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bats and play a key role in gathering statewide inventory and monitoring data.
a Volunteer safety Instructor.

Aquatic invasives

Early detection of invasive species is crucial as control and containment costs of problematic invaders increase rapidly once the species becomes established. Citizen volunteers across the state are constantly on the lookout for new invaders in lakes, rivers, streams and wetlands. Volunteers can attend training sessions to learn to identify invasive plants and animals. Some volunteer also help rear and release beetles to control purple loosestrife infestations.

Citizen Lake Monitoring

Chinese mystery snails, an invasive species, often first found in lakes by volunteers.
Chinese mystery snails are an invasive species often first found in lakes by volunteers.

Through Wisconsin's Citizen Lake Monitoring network, many volunteers look for aquatic invasive species on lakes. Invasive species monitored for include Curly-Leaf Pondweed, Eurasian Water-Milfoil, Mystery Snails, Rusty Crayfish and Zebra Mussels.To Get Involved: Contact your regional citizen lake monitoring coordinator and/or register for a free workshop [exit DNR].

Clean Boats, Clean Waters

Volunteers talking to a boater about invasive species.
Volunteers talking to a boater about invasive species through Clean Boats, Clean Waters.

Volunteers can also help stop the spread of invasives species across the state by becoming involved in the Clean Boats, Clean Waters program. Volunteers are trained to organize and conduct watercraft inspections at the boat landings in their communities. Trained volunteers then educate boaters on how and where invasive species are most likely to hitch a ride into water bodies. By performing boat and trailers checks, distributing informational brochures, collecting and reporting suspect specimens, volunteers can make a difference in helping to prevent the spread of invasive species. To Get Involved: Register for a free workshop [exit DNR].

Project RED

A volunteer finding invasive plants while monitoring a local river.
Volunteers monitor stretches of rivers and streams for invasive plant and animal species.

The River Alliance of Wisconsin recognized a need for more monitoring of invasive species in river corridors, and developed Project Riverine Early Detection (RED) with the support of a DNR Aquatic Invasive Species grant. The goal of Project RED is to engage river groups in invasive species issues, and document the spread of a variety of important invaders.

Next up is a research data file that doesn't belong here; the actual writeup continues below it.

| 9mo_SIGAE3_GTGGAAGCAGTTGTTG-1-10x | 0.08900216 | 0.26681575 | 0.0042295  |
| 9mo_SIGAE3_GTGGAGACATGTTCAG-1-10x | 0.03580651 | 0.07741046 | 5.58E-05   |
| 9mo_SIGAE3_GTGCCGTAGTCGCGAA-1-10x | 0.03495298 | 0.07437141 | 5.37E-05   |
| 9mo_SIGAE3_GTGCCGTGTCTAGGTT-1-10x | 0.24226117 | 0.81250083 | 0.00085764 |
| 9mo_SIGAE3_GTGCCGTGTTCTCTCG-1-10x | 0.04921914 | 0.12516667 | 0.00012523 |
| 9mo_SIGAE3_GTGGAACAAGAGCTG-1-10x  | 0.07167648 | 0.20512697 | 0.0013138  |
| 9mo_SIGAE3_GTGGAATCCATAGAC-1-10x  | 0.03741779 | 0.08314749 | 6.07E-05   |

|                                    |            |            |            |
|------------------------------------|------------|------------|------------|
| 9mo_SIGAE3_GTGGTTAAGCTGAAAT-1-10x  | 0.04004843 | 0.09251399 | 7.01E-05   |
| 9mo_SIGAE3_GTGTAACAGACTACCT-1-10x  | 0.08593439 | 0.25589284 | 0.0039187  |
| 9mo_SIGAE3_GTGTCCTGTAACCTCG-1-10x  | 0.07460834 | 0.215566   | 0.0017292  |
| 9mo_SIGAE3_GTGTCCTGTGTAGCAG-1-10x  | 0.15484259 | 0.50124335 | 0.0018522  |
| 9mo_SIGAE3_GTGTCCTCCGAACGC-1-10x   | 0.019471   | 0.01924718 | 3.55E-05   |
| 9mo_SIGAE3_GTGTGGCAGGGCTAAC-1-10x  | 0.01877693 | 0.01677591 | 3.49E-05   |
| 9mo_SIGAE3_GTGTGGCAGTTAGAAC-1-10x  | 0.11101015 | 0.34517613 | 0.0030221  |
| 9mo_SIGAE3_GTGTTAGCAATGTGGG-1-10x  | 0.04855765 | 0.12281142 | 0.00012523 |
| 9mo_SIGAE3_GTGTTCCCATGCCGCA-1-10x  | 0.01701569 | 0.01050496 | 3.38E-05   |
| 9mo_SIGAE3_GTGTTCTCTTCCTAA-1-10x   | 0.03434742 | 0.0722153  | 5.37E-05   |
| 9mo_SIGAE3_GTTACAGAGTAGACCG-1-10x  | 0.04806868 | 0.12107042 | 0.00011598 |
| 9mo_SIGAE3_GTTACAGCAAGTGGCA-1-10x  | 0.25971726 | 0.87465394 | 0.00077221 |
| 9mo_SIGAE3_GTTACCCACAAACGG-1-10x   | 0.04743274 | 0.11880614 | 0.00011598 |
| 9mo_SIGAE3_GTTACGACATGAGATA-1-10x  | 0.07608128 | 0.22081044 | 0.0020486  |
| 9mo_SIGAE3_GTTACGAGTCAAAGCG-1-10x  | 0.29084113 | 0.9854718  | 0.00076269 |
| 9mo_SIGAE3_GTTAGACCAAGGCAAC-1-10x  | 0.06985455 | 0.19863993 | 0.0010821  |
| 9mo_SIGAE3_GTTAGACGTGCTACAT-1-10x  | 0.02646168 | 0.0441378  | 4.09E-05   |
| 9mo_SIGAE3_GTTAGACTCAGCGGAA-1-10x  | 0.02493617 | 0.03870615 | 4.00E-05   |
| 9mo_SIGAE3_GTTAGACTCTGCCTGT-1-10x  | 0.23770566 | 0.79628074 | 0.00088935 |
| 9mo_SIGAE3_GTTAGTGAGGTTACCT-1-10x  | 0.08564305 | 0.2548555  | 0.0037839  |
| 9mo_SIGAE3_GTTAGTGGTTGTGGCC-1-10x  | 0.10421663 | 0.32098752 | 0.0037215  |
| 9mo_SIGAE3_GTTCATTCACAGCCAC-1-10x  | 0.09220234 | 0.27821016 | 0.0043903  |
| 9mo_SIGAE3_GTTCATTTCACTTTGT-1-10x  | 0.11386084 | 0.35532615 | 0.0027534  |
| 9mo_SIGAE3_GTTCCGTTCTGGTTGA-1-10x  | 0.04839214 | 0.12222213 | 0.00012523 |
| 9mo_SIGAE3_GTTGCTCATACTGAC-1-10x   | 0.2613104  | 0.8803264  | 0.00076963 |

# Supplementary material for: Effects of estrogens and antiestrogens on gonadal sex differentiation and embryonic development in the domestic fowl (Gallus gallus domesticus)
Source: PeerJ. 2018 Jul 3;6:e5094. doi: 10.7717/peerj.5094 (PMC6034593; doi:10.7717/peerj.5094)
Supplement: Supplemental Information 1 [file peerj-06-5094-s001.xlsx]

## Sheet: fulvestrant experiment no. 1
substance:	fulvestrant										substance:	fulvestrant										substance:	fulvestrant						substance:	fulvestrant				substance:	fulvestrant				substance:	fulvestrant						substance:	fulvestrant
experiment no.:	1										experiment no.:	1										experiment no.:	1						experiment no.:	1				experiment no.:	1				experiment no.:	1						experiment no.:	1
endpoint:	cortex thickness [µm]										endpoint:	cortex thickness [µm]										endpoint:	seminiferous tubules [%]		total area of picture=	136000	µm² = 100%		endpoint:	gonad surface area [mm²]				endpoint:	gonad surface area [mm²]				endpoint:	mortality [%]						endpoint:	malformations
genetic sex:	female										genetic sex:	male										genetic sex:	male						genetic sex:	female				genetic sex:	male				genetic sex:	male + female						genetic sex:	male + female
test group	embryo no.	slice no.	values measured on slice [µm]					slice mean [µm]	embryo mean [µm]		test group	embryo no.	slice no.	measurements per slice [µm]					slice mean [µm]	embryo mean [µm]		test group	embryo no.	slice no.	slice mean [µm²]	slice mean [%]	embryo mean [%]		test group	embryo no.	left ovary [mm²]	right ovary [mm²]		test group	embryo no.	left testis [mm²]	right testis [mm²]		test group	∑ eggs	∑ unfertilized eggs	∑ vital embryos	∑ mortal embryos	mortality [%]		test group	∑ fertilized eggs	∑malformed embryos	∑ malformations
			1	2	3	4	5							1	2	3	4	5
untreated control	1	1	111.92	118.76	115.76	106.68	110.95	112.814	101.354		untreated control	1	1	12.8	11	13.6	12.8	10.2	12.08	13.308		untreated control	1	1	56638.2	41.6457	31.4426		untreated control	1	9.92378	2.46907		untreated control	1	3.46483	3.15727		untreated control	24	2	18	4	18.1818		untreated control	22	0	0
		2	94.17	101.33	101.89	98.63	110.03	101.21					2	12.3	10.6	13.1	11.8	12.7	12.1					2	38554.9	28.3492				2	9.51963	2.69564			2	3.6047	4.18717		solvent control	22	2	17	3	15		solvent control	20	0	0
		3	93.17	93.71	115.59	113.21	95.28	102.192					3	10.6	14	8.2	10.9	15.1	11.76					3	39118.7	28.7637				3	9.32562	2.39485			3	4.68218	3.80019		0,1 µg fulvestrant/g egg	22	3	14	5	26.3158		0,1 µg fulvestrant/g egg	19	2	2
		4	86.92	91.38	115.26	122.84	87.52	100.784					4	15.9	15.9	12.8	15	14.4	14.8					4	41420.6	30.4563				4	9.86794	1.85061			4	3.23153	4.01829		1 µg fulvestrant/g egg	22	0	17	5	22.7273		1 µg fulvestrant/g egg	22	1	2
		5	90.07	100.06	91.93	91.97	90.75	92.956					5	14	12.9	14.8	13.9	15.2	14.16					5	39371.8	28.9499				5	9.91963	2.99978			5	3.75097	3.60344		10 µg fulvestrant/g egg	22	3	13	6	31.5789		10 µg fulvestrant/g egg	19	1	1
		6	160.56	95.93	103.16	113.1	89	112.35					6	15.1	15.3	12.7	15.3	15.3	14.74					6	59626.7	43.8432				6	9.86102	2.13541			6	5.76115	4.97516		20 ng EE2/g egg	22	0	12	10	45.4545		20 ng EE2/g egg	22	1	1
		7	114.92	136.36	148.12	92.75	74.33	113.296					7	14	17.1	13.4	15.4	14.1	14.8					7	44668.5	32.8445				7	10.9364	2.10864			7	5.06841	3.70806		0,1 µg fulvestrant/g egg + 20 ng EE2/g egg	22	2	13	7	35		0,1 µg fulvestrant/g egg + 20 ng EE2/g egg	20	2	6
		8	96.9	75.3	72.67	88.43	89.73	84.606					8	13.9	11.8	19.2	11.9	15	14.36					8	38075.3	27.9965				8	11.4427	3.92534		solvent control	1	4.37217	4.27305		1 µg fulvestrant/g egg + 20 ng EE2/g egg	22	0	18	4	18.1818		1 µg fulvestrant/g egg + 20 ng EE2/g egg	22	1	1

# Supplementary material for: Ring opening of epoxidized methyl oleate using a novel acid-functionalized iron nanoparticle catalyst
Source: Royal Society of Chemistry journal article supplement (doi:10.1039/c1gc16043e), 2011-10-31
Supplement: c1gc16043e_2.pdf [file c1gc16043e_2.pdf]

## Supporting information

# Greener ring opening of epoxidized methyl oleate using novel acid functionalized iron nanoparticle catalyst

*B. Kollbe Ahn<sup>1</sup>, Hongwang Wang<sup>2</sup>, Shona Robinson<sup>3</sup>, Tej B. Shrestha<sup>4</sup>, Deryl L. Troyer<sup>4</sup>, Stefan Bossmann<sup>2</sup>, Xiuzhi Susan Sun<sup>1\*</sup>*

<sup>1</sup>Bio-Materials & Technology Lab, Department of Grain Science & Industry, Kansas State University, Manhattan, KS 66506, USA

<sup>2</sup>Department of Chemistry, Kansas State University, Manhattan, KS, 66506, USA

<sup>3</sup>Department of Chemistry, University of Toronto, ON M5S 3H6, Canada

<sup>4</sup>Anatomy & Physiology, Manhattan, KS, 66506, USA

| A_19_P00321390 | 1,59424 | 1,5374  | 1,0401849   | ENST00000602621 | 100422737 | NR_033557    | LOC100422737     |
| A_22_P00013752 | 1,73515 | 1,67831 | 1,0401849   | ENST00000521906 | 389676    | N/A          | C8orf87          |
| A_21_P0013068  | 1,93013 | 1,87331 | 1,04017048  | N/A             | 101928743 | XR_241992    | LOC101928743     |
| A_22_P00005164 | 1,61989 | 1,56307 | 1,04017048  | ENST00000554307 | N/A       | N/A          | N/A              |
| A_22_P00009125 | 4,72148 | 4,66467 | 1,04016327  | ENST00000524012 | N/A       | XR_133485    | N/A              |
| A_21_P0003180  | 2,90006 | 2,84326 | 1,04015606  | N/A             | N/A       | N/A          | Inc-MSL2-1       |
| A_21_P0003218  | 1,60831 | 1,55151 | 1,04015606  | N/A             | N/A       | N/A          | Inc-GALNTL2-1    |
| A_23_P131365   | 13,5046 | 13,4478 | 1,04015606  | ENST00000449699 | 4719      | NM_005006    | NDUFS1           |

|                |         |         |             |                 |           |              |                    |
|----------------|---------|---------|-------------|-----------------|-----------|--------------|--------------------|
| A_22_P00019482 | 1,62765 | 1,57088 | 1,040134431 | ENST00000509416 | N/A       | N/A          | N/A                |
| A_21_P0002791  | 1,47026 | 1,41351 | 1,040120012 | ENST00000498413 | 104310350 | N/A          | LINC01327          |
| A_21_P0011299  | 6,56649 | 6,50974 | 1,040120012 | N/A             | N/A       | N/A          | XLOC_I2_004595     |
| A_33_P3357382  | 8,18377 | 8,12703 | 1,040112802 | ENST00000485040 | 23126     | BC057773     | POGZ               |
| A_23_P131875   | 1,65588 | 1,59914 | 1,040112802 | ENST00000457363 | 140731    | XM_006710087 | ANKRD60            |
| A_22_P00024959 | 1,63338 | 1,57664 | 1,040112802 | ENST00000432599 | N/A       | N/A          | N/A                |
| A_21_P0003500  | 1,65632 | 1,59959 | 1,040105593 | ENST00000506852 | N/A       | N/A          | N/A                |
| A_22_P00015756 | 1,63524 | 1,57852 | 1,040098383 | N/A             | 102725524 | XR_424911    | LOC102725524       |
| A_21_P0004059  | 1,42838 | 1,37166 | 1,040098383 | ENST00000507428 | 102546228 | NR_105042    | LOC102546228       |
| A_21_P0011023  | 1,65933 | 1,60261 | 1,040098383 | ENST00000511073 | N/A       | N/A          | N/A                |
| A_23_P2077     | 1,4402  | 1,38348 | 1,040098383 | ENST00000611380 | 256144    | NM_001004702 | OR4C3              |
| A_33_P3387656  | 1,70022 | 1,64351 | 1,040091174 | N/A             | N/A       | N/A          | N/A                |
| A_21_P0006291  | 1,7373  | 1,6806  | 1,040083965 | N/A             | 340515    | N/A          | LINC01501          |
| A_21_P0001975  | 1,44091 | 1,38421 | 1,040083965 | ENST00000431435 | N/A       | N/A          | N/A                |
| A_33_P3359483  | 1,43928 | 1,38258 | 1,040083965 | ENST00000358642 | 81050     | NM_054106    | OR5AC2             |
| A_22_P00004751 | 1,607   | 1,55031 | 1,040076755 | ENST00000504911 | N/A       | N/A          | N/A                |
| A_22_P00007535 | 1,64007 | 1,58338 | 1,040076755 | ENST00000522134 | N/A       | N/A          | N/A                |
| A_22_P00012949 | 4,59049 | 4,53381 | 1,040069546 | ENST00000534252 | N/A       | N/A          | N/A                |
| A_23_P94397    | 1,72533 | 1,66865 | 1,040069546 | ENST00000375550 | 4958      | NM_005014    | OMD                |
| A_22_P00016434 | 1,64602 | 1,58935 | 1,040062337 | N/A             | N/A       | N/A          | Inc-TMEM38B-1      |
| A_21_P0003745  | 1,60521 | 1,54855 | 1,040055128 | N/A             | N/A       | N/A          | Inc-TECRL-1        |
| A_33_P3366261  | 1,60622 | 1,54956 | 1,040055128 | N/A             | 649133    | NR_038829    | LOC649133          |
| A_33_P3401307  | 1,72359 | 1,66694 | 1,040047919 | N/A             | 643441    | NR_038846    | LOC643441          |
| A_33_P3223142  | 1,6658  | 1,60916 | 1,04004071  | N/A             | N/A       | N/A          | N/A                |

The River Alliance of Wisconsin hosted six Project RED trainings during summer 2009. So far they have partnered with Florence County Lake and Rivers, Friends of the White River, Wild Rivers TU, Bad River Watershed Association, Rock River Coalition, Southeast TU, Milwaukee Riverkeeper, Madcity Paddlers, and Friends of the Platte River to train over 50 individuals to monitor their rivers and streams for invasive species. Project RED monitoring data are being collected in the www.CitSci.org database, and can be found by searching for Project RED. Project RED [exit DNR]

Purple Loosestrife

Purple loosestrife is an invasive species found in many Wisconsin wetlands.
Volunteer monitoring and control of purple loosestrife, an invasive species found in wetlands, has been a true success story in Wisconsin.

Got purple loosestrife taking over your marsh, and pushing out all your native plants and animals? Get into rearing safe, effective biological control beetles right at home or school for release into your weary wetlands by joining hundreds of other citizens in Wisconsin's Purple Loosestrife Biocontrol Program. Harnessing nature to control itself may be the only viable long-term management for many invasive plants, and it sure is working for this one. These carefully chosen beetles have been propagated and released in Wisconsin for over 15 years with only good results. Why not give it a try where you have purple pests of your own to curb? The beetles won't eliminate the loosestrife, but will reduce its seed output and height, making it easier for native plants and animals to reclaim their rightful places in your watery wonderlands.

The program provides most of the gear and the starter beetles necessary for free. You'll dig up a few local loosestrife rootstocks, transplant them into free pots with some local potting soil, and sew free netting into sleeve cages used to protect the plants as they grow. Once plants are about two feet tall, you'll put ten free beetles into each cage and water the plants until they grow upwards of 1,000 new beetles on each one! These will want to chow down on the loosestrife lurking in your wetlands, so you release them by simply putting the pots out and removing the cages. These bomber beetles will fly themselves to the only plants they really care about: your loathsome loosestrife!

Purple loosestrife is here to stay, but with your help we can champion the checks and balances needed to protect our native species from this purple persecution. You can be part of the solution that results in a diverse, healthy environment. For questions, email Brock Woods, or call 608.221.6349. Get Involved.

Last Revised: Friday May 04 2012